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See detailONLINE ARCHIVES: Finding a Common Ground in the Quicksand of Online Defamation Developments
Siry, Lawrence UL; Schmitz, Sandra UL

in European Journal of Law and Technology (2012), 3(1),

Nowhere is the world smaller than on the Internet. With one mouse click, people from across the globe can re-acquaint themselves with old friends, research the unknown, read newspapers from faraway places ... [more ▼]

Nowhere is the world smaller than on the Internet. With one mouse click, people from across the globe can re-acquaint themselves with old friends, research the unknown, read newspapers from faraway places and times. As the world cyber-shrinks, the ways in which governments and courts attempt to control the information on the web has become diverse and contradictory. Issues of national interest and international jurisdiction have stretched across all aspects of the web. We must find a more cooperative, coherent and consistent international policy, one which fosters the free flow of information, while protecting personality rights. The controversy is not limited to the present, but affects the way the Internet records and preserves history. As newspapers bring massive archives online, they are faced with defamation laws which may hinder the free flow of information or inadequately protect personality rights. What is protected speech in one country may be defamation judged from another country in a future time. This paper explores the traditional liability regimes concerning paper archives and how these laws are applied to online archives available on the web. The paper explores how national courts are attempting to mold traditional theories of liability to fit the new Internet-based reality of publishing and archive maintenance. The paper explores the recent case in Germany, which extends national jurisdiction into the New York Times archives in New York City, as well as cases specifically dealing with online defamation standards. We also review the enforcement of defamation judgments from foreign jurisdictions in the US, where many of the media outlets involved in the litigation are headquartered. The paper then outlines recent developments to “combat” libel tourism in the US, in particular, statutes which would extend jurisdiction to foreign nationals who have not availed themselves of American jurisdiction. These laws seek to extend the First Amendment far beyond American borders. These developments are in many ways, spiraling out of control, escalating away from a common path for resolution of the competing interests of society and personality. While a common solution might be warranted, such will be difficult given the competing priorities in the varied jurisdictions. The paper also reviews the potential solutions for standards that will satisfy these priorities. [less ▲]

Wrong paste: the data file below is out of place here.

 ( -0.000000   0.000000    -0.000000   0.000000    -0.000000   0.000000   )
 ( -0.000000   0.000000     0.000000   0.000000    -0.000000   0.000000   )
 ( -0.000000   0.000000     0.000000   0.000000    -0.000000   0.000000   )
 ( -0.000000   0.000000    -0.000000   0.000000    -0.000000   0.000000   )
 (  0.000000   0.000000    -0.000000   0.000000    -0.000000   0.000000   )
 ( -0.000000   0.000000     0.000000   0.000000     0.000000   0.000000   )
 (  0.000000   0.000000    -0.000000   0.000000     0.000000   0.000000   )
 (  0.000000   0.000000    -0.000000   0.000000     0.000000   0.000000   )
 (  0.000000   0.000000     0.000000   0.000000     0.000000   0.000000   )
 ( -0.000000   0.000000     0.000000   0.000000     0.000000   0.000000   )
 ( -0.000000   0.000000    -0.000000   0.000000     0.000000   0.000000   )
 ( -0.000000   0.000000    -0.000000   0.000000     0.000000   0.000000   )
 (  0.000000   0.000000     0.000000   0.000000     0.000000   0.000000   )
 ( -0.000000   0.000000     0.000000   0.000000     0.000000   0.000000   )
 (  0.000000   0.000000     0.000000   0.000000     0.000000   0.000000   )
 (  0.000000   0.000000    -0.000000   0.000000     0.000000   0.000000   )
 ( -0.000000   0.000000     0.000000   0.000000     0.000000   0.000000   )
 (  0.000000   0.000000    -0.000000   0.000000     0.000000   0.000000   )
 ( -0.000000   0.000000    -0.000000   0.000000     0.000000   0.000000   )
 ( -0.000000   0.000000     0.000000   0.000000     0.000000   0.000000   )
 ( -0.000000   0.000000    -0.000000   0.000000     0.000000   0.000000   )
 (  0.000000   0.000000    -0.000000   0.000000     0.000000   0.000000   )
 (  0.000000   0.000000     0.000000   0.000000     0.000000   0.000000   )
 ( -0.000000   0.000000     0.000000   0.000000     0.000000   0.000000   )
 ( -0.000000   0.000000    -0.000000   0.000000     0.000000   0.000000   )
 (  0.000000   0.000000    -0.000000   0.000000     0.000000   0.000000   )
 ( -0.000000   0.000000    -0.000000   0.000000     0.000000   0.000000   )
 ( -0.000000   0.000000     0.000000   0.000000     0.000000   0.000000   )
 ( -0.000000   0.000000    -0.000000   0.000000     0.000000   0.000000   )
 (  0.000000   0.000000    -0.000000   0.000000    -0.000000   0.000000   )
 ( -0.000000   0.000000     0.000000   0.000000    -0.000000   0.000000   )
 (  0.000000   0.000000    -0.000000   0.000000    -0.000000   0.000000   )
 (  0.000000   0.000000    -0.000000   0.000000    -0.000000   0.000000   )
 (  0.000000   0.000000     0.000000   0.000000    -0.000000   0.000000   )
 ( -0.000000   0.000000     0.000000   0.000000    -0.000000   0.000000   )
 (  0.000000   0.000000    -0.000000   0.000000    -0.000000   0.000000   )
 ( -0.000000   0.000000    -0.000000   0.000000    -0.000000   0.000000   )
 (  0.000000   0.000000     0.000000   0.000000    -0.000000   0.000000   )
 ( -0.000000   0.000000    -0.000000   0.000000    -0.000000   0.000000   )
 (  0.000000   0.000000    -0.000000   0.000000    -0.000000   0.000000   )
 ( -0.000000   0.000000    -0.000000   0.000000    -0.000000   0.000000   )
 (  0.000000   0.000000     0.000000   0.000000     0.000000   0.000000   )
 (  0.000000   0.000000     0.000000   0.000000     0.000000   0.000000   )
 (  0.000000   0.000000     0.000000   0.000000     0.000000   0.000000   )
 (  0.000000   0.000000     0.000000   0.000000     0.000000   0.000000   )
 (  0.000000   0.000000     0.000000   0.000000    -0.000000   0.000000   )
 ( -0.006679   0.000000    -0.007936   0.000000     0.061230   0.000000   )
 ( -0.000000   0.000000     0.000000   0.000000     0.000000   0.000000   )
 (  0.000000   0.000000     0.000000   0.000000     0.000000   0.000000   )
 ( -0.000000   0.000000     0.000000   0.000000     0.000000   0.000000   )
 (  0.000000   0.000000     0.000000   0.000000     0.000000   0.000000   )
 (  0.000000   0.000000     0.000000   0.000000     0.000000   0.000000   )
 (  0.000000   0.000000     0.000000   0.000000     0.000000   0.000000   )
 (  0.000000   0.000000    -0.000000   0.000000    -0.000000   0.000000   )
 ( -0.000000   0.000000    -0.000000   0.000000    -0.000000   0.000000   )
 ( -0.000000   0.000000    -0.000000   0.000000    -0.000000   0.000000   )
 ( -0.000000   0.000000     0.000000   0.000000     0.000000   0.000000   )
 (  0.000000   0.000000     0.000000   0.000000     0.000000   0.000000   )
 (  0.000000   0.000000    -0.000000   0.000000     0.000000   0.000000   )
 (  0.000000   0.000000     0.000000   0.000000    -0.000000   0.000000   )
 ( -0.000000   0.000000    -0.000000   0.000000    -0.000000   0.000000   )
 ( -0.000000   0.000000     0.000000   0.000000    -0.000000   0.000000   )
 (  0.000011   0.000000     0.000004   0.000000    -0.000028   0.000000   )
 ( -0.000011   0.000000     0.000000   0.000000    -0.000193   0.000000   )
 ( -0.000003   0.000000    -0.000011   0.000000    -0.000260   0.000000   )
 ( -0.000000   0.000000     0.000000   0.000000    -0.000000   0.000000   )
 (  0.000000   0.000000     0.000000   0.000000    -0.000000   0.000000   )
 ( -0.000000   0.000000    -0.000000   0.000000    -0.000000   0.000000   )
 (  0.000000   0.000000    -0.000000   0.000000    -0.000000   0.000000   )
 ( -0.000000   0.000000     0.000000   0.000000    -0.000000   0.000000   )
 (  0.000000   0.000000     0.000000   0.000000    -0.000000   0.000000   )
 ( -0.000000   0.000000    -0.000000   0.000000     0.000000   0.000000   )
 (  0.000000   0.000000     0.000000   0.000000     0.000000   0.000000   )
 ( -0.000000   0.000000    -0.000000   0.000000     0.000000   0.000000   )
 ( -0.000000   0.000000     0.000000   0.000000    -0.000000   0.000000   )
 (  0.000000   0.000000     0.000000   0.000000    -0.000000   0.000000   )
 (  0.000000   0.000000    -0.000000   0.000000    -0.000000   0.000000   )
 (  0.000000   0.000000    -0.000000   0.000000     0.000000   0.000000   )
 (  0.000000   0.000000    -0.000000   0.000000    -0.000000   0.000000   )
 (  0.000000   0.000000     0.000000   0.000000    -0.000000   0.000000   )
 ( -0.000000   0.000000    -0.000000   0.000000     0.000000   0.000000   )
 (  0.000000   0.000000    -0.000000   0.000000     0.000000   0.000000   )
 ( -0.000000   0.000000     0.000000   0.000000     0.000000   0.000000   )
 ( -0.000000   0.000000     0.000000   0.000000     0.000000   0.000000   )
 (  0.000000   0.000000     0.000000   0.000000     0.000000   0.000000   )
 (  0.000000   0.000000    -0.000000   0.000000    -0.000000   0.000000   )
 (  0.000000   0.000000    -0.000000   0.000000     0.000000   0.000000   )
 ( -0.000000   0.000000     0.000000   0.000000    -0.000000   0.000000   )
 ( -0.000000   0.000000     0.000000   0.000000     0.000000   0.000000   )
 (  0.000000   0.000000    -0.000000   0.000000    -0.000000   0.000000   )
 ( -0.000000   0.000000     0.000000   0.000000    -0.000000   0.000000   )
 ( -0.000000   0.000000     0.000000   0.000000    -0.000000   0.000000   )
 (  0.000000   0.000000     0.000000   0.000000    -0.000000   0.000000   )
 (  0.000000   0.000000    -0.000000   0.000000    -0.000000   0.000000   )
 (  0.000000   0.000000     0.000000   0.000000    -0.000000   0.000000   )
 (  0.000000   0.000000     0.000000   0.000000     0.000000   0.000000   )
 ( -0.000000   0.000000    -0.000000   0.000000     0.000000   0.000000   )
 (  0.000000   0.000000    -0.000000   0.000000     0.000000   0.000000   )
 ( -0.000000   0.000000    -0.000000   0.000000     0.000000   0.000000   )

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See detailThree songs and you are disconnected from cyberspace??? Not in Germany where the industry may ‘turn piracy into profit’
Schmitz, Sandra UL; Ries, Thorsten UL

in European Journal of Law and Technology (2012), 3(1),

Musical and cinematographic works are shared on a large scale via the Internet, often disrespecting copyrights. State initiatives seek to curtail online copyright infringements in different ways; the ... [more ▼]

Musical and cinematographic works are shared on a large scale via the Internet, often disrespecting copyrights. State initiatives seek to curtail online copyright infringements in different ways; the latest being graduated response schemes, where the alleged infringer is initially warned twice before he is sanctioned. In this context questions arise inter alia as regards the identification of the actual infringer, information rights of the rightsholder, reliability of tracking methods or judicial review of the allegations. In this context, it is of some interest to see how these questions are dealt with under similar regimes. This paper outlines how these questions and online copyright infringements in general are targeted under German civil law and how this has become a profitable tool of the music and film industry, in particular following the introduction of further information rights by the Enforcement Directive. It critically evaluates the recent developments in Germany and argues for a more restrictive interpretation of the relevant provision of the German Copyright Act. [less ▲]

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